Being in relationships is one of the biggest blessings we have here on this earth. We live and grow together as we ride the rollercoaster of ups and downs with our family and friends. Having people to listen and show they care truly does divide the sorrows and multiply the joys.

Yet, I feel sometimes we don’t allow ourselves to be completely vulnerable and experience true relationship when we hold back from being our authentic selves.

Pain is nothing new under the sun, am I right? We may undergo the terminal illness of self or a loved one, or the death of a someone close to us. We may feel the more nebulous but still painful stress of loss of a relationship, or job challenges, or moving, or of infertility, or whatever it may be. So many things can enter into our lives with the potential to rob of us joy. Some are bigger than others, and can affect us physically as well as mentally and emotionally.

I had a conversation recently that was very similar to others I have had over the years. They seem to go a bit like this: I was talking with someone whom I know had experienced a great loss. When this person shared some of the details of the grief with me, I said, “I’m so sorry. How are you doing?”

To which the person replied, “It’s fine.”

And I immediately replied, “Well, it’s not fine. And that’s okay to say.”

What is first thing we say to each other in greeting? “How are you?” And what is our typical response? “Good.” “Fine.” Are we really? Do we just say this because it’s so ingrained in us?

And why do we ask, “How are you?” all the time? Do we really want to know? Is it just socially required to ask? Or are we truly prepared for whatever we might hear? Would we be ready to walk together through whatever storms the other person is facing?

It’s okay to declare that life kind of stinks right now. Or that life majorly stinks right now. It’s okay to admit when we’re having a hard time dealing with the tough circumstances we’re experiencing. Nobody’s life is perfect. Nobody responds to stress and hard days with the best reactions all the time. The more we’re honest about that, the more we’re showing true authenticity of person. That authenticity can help us process our grief, and, eventually, begin to move on and grow.

I can’t speak for everyone out there. For me, assuming that others’ lives are “easier” or that they have it more together is something I’ve struggled with in the past. We all have our ups and downs. Infertility in particular is undoubtedly the biggest crisis we’ve experienced as a couple. But I didn’t want to talk about it; I didn’t know how people would react or be able to help me. It took a while before I was comfortable sharing about our infertility, and other crises big and small that we were dealing with. Opening up about my journey, and not keeping it all inside, has given me amazing opportunities to create relationships with others experiencing the same thing. This in turn fashions a wonderful two-way street of giving and receiving, wherein I have been marvelously blessed.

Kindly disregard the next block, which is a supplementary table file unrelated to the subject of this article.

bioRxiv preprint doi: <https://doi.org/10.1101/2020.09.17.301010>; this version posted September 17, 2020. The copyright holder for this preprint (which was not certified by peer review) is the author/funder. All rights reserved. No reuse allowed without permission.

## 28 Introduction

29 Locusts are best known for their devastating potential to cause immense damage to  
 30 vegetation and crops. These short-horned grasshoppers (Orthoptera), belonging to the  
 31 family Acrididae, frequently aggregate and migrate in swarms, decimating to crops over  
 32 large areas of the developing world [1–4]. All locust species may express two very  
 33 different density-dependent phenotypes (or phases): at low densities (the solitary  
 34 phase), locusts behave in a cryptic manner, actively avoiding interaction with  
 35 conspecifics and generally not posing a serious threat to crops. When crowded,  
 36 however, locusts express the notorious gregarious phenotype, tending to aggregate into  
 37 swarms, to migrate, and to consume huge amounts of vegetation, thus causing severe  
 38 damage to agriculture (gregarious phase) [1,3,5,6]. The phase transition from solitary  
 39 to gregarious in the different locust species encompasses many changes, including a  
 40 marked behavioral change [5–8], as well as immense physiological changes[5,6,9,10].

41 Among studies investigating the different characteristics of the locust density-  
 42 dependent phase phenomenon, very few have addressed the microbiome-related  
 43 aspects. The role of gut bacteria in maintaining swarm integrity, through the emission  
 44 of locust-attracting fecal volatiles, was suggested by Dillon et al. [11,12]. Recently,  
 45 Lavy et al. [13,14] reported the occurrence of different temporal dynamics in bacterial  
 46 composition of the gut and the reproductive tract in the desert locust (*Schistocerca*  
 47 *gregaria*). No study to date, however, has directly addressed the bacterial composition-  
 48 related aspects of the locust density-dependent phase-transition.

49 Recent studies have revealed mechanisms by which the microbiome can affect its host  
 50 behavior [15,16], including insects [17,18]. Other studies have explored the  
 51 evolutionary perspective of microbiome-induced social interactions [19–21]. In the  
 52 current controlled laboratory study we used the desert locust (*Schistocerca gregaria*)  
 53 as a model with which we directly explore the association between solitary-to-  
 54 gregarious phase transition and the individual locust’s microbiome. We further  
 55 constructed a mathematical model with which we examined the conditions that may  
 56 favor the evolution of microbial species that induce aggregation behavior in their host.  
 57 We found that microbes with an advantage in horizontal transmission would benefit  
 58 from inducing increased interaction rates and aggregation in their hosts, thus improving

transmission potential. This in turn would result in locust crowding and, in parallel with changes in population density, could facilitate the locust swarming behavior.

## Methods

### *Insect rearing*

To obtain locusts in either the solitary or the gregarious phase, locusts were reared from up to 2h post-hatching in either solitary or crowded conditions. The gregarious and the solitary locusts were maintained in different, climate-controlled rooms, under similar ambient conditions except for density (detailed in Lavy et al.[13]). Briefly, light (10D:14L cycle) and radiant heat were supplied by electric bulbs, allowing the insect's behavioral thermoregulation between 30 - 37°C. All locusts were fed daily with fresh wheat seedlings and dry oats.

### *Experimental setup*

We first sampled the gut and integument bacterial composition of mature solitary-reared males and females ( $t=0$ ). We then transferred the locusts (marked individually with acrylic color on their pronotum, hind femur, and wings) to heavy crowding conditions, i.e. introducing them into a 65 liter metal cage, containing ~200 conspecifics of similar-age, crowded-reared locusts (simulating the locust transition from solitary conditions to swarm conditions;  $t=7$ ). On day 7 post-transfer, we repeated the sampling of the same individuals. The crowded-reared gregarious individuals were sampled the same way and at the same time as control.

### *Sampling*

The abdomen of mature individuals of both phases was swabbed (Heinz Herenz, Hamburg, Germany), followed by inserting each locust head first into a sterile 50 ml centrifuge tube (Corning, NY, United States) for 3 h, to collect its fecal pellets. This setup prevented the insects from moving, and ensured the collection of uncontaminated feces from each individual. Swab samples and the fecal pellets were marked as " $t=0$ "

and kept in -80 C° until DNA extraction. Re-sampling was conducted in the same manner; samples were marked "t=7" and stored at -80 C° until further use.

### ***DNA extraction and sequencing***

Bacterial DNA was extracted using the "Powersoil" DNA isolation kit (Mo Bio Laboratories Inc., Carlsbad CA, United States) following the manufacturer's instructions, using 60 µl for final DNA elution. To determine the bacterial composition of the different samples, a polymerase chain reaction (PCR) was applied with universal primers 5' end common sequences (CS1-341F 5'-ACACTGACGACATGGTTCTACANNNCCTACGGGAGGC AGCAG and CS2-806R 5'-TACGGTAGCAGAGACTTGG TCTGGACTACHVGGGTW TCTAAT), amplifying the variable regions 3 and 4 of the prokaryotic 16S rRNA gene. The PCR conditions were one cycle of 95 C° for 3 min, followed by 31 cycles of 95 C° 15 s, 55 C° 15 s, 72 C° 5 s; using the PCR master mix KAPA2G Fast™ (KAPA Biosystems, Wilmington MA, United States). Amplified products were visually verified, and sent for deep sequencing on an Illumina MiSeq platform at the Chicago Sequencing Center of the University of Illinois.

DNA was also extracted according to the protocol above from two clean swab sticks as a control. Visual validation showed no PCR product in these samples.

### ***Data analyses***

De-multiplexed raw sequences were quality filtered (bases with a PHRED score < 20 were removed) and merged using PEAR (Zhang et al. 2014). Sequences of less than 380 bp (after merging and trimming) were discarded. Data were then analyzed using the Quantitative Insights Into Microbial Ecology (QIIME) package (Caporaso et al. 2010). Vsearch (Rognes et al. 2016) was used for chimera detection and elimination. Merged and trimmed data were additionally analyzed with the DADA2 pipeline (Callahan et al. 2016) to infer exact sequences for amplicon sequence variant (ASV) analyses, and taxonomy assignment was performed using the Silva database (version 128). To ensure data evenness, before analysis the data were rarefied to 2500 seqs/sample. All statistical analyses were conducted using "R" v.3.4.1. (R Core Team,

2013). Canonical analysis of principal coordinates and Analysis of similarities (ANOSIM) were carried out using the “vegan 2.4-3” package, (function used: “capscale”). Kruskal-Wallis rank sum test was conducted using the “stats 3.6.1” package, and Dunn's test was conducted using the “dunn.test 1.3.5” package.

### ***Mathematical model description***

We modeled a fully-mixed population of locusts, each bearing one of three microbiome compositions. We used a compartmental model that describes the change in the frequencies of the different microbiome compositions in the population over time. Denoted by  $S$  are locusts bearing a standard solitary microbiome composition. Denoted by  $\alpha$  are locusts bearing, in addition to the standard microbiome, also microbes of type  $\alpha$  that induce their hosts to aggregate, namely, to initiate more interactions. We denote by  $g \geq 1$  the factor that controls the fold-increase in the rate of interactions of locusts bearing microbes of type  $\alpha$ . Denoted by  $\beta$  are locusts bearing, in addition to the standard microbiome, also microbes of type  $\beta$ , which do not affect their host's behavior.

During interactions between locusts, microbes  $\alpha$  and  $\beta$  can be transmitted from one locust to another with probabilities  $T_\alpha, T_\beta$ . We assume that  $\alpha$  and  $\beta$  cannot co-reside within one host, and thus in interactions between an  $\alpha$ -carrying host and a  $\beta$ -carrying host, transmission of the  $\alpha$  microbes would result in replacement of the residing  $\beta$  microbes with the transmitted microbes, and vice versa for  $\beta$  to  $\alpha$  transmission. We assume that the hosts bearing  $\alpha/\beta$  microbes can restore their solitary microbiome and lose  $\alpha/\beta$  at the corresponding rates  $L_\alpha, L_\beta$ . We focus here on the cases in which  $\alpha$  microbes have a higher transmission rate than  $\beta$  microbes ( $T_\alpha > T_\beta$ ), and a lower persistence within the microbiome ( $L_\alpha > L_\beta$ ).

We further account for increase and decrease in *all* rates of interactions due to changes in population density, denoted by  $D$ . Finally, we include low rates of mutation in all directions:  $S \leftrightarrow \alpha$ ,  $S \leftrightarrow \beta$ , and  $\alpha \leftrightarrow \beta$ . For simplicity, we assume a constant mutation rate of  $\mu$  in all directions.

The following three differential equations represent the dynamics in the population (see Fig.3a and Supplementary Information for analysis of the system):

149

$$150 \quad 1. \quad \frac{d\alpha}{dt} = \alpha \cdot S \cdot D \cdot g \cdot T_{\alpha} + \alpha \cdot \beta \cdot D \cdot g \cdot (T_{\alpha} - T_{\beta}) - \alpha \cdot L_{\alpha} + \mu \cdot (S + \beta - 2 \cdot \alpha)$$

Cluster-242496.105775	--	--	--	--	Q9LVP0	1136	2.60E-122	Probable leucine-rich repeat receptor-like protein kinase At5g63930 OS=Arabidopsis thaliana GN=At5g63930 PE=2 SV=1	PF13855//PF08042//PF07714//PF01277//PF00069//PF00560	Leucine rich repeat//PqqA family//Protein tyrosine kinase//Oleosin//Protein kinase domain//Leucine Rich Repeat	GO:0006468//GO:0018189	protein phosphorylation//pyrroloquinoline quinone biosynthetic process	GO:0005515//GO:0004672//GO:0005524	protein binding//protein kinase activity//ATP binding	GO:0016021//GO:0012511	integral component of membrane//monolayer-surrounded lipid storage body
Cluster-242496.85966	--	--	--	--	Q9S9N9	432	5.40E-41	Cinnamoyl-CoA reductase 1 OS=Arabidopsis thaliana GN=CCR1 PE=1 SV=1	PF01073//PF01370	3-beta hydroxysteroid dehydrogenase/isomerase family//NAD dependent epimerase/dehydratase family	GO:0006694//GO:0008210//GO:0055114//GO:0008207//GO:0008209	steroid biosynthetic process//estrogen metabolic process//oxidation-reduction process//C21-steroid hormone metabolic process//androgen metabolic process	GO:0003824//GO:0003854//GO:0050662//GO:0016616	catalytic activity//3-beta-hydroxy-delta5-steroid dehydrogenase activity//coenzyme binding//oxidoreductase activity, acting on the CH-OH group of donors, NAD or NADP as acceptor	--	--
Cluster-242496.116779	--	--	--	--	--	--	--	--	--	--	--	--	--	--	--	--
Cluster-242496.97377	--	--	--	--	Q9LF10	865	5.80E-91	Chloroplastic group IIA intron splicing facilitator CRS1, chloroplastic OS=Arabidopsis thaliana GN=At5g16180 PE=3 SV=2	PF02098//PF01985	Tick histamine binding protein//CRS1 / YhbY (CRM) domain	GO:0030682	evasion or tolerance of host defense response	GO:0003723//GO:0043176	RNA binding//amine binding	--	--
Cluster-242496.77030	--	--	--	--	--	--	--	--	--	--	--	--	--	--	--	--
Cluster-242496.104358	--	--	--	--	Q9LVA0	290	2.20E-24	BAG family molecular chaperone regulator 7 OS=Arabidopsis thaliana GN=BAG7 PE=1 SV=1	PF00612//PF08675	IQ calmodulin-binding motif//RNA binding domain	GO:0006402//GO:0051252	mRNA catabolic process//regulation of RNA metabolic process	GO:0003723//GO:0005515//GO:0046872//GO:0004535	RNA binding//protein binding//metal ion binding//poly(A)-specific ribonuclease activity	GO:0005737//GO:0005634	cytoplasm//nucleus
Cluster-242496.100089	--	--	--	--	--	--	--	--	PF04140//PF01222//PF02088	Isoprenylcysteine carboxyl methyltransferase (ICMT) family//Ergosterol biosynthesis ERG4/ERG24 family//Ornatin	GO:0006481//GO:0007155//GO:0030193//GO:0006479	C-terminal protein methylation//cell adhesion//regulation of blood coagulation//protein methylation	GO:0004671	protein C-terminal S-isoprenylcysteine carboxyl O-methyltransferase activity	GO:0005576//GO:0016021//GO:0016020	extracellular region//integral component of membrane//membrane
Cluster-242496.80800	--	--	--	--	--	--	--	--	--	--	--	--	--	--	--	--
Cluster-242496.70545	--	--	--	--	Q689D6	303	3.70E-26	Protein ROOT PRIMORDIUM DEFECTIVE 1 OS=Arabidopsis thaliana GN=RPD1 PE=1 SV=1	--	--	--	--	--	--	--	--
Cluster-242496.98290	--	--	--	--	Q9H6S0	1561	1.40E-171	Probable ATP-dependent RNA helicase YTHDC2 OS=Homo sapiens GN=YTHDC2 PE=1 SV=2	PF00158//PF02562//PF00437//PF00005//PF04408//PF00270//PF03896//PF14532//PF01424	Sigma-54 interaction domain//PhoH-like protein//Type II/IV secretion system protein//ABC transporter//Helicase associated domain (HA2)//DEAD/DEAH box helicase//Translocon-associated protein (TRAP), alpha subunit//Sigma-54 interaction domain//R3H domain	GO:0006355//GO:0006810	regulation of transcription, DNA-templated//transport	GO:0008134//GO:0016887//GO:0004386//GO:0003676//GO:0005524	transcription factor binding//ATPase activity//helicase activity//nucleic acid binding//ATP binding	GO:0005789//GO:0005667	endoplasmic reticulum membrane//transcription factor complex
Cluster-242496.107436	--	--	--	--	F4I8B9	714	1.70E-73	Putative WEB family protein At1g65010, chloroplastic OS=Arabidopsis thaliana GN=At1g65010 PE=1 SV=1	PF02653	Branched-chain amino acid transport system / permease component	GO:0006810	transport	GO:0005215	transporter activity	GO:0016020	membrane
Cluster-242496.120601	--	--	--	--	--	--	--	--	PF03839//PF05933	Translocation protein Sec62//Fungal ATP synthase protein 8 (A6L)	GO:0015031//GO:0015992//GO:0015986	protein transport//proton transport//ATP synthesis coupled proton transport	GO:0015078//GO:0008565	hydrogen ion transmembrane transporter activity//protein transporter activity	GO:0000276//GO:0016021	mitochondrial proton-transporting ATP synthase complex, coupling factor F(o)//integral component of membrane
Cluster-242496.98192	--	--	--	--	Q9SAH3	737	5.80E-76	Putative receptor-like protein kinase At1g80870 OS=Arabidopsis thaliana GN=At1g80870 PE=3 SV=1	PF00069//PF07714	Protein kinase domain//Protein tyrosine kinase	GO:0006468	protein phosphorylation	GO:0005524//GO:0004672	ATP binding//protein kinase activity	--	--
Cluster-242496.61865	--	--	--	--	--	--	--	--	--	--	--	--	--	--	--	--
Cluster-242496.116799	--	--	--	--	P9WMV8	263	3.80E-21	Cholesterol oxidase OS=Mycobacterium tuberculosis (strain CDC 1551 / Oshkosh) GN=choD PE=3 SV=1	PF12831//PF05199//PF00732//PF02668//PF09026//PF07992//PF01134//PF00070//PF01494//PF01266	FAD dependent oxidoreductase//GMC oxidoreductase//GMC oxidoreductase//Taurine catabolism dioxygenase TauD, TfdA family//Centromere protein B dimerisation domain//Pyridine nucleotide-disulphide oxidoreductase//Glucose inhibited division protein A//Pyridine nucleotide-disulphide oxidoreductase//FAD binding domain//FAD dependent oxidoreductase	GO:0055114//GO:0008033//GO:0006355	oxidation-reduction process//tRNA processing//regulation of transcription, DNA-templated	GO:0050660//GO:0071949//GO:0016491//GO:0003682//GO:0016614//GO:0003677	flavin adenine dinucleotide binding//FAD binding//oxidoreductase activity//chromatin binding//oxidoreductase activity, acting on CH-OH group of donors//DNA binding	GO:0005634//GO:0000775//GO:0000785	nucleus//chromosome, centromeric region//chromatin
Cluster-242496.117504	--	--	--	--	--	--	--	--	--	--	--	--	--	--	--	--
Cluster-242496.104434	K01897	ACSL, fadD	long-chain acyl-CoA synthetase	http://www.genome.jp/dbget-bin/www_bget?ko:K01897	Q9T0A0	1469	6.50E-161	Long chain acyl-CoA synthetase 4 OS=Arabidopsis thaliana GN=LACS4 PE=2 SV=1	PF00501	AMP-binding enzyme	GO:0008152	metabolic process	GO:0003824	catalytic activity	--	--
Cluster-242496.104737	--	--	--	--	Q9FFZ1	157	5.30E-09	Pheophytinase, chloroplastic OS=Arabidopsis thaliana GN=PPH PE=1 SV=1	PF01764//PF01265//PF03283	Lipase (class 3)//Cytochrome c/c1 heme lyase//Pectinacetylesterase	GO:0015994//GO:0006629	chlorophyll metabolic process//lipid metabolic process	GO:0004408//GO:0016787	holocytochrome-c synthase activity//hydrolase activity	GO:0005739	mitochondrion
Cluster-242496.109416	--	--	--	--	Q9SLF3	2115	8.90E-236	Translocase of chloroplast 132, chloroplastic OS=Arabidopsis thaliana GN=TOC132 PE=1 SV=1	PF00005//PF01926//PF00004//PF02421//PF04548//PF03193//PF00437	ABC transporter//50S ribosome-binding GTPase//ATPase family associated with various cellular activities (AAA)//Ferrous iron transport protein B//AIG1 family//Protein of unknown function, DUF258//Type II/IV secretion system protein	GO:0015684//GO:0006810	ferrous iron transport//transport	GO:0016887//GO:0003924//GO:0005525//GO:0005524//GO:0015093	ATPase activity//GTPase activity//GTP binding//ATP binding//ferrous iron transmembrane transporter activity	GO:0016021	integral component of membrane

When we do away with the façade that everything in our life is perfect, or that we are sufficient by ourselves, we in turn allow others to be more vulnerable with their own struggles. True community and relationship can happen.

Now, there is something to be said about discretion. It goes without saying that not everyone needs to know your dirty laundry. And not everyone is being helpful and selfless when they show curiosity. Being aware of the people with whom you can share struggles and grief is significant.

But when you find a person or group of people with whom you feel safe, make the most of those relationships by practicing – here comes that word again – authenticity. Be real, laughing and crying together, treasuring the paths you’re on because they are yours. Be ready to ask for support for the problems of life, and be ready to be the support for others when they need it.

Life isn’t always “fine” or “okay,” and that’s all right. What a gift  it is to be in relationship through every day that comes along!

Angela Erickson

Born in Colorado, Angela married a handsome Texan and spend ten years living down in the South before recently moving back to her home state. She and her husband Kyle spent seven years fostering children in the state of Texas and have adopted four - three girls and a boy. She has served as a youth director and as a middle school teacher, and is currently enjoying a season of life as a full-time mama. Angela loves reading, writing, music, running, and spending time with family and friends. She is borderline addicted to puttering around on, and is also a enthusiastic anglophile. Her blog can be found at